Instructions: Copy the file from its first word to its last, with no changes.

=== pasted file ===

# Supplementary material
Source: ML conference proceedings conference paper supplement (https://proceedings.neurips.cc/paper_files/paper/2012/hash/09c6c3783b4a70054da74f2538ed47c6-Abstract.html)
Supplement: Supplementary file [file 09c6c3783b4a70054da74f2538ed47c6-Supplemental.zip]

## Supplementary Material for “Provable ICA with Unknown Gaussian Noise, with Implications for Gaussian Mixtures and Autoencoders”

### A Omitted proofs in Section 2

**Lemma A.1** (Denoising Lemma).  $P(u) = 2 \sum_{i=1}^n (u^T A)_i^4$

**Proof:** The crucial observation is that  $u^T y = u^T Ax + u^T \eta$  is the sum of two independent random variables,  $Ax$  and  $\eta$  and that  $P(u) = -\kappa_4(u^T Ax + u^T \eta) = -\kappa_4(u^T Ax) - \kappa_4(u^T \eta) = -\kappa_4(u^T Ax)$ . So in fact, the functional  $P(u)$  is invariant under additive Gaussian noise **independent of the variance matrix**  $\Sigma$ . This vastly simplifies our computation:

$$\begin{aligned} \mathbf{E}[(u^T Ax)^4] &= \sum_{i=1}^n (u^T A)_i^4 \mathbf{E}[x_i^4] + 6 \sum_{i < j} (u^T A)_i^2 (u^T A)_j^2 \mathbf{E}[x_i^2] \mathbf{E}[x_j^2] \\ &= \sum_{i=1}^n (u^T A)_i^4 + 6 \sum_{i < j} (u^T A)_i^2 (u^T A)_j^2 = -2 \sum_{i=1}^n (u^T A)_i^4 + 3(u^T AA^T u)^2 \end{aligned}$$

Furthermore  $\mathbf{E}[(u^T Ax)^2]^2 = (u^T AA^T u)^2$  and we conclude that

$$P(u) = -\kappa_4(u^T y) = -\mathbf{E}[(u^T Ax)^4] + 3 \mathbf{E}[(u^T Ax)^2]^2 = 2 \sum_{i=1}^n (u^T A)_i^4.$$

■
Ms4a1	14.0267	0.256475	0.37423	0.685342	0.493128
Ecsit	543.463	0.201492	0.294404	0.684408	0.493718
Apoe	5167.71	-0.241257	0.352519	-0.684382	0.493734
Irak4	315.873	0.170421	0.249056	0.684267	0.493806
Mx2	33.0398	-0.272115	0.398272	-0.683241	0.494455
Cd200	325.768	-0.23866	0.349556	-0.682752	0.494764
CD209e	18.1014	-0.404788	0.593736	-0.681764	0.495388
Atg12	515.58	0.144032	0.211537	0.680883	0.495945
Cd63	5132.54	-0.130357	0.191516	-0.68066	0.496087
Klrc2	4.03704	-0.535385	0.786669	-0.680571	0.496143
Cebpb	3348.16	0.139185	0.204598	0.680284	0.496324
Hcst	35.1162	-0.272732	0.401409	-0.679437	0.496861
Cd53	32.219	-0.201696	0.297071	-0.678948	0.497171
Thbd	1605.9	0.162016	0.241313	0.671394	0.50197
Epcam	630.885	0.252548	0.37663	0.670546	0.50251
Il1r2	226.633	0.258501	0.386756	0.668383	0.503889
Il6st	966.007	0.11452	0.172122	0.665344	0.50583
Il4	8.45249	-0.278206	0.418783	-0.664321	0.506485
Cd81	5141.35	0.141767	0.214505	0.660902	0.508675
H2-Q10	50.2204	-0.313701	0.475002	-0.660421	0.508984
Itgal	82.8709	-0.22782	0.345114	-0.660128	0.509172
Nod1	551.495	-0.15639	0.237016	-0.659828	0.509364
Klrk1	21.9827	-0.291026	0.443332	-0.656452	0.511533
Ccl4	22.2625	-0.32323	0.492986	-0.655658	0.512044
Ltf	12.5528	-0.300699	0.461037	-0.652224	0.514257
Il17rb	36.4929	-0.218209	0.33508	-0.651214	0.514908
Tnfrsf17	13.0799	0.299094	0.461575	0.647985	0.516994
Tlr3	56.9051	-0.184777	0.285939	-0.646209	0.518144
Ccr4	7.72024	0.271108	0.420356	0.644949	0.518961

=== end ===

# Supplementary material
Source: ML conference proceedings conference paper supplement (https://proceedings.neurips.cc/paper_files/paper/2012/hash/09c6c3783b4a70054da74f2538ed47c6-Abstract.html)
Supplement: Supplementary file [file 09c6c3783b4a70054da74f2538ed47c6-Supplemental.zip]

## Supplementary Material for “Provable ICA with Unknown Gaussian Noise, with Implications for Gaussian Mixtures and Autoencoders”

### A Omitted proofs in Section 2

**Lemma A.1** (Denoising Lemma).  $P(u) = 2 \sum_{i=1}^n (u^T A)_i^4$

**Proof:** The crucial observation is that  $u^T y = u^T Ax + u^T \eta$  is the sum of two independent random variables,  $Ax$  and  $\eta$  and that  $P(u) = -\kappa_4(u^T Ax + u^T \eta) = -\kappa_4(u^T Ax) - \kappa_4(u^T \eta) = -\kappa_4(u^T Ax)$ . So in fact, the functional  $P(u)$  is invariant under additive Gaussian noise **independent of the variance matrix**  $\Sigma$ . This vastly simplifies our computation:

$$\begin{aligned} \mathbf{E}[(u^T Ax)^4] &= \sum_{i=1}^n (u^T A)_i^4 \mathbf{E}[x_i^4] + 6 \sum_{i < j} (u^T A)_i^2 (u^T A)_j^2 \mathbf{E}[x_i^2] \mathbf{E}[x_j^2] \\ &= \sum_{i=1}^n (u^T A)_i^4 + 6 \sum_{i < j} (u^T A)_i^2 (u^T A)_j^2 = -2 \sum_{i=1}^n (u^T A)_i^4 + 3(u^T AA^T u)^2 \end{aligned}$$

Furthermore  $\mathbf{E}[(u^T Ax)^2]^2 = (u^T AA^T u)^2$  and we conclude that

$$P(u) = -\kappa_4(u^T y) = -\mathbf{E}[(u^T Ax)^4] + 3 \mathbf{E}[(u^T Ax)^2]^2 = 2 \sum_{i=1}^n (u^T A)_i^4.$$

■
Ms4a1	14.0267	0.256475	0.37423	0.685342	0.493128
Ecsit	543.463	0.201492	0.294404	0.684408	0.493718
Apoe	5167.71	-0.241257	0.352519	-0.684382	0.493734
Irak4	315.873	0.170421	0.249056	0.684267	0.493806
Mx2	33.0398	-0.272115	0.398272	-0.683241	0.494455
Cd200	325.768	-0.23866	0.349556	-0.682752	0.494764
CD209e	18.1014	-0.404788	0.593736	-0.681764	0.495388
Atg12	515.58	0.144032	0.211537	0.680883	0.495945
Cd63	5132.54	-0.130357	0.191516	-0.68066	0.496087
Klrc2	4.03704	-0.535385	0.786669	-0.680571	0.496143
Cebpb	3348.16	0.139185	0.204598	0.680284	0.496324
Hcst	35.1162	-0.272732	0.401409	-0.679437	0.496861
Cd53	32.219	-0.201696	0.297071	-0.678948	0.497171
Thbd	1605.9	0.162016	0.241313	0.671394	0.50197
Epcam	630.885	0.252548	0.37663	0.670546	0.50251
Il1r2	226.633	0.258501	0.386756	0.668383	0.503889
Il6st	966.007	0.11452	0.172122	0.665344	0.50583
Il4	8.45249	-0.278206	0.418783	-0.664321	0.506485
Cd81	5141.35	0.141767	0.214505	0.660902	0.508675
H2-Q10	50.2204	-0.313701	0.475002	-0.660421	0.508984
Itgal	82.8709	-0.22782	0.345114	-0.660128	0.509172
Nod1	551.495	-0.15639	0.237016	-0.659828	0.509364
Klrk1	21.9827	-0.291026	0.443332	-0.656452	0.511533
Ccl4	22.2625	-0.32323	0.492986	-0.655658	0.512044
Ltf	12.5528	-0.300699	0.461037	-0.652224	0.514257
Il17rb	36.4929	-0.218209	0.33508	-0.651214	0.514908
Tnfrsf17	13.0799	0.299094	0.461575	0.647985	0.516994
Tlr3	56.9051	-0.184777	0.285939	-0.646209	0.518144
Ccr4	7.72024	0.271108	0.420356	0.644949	0.518961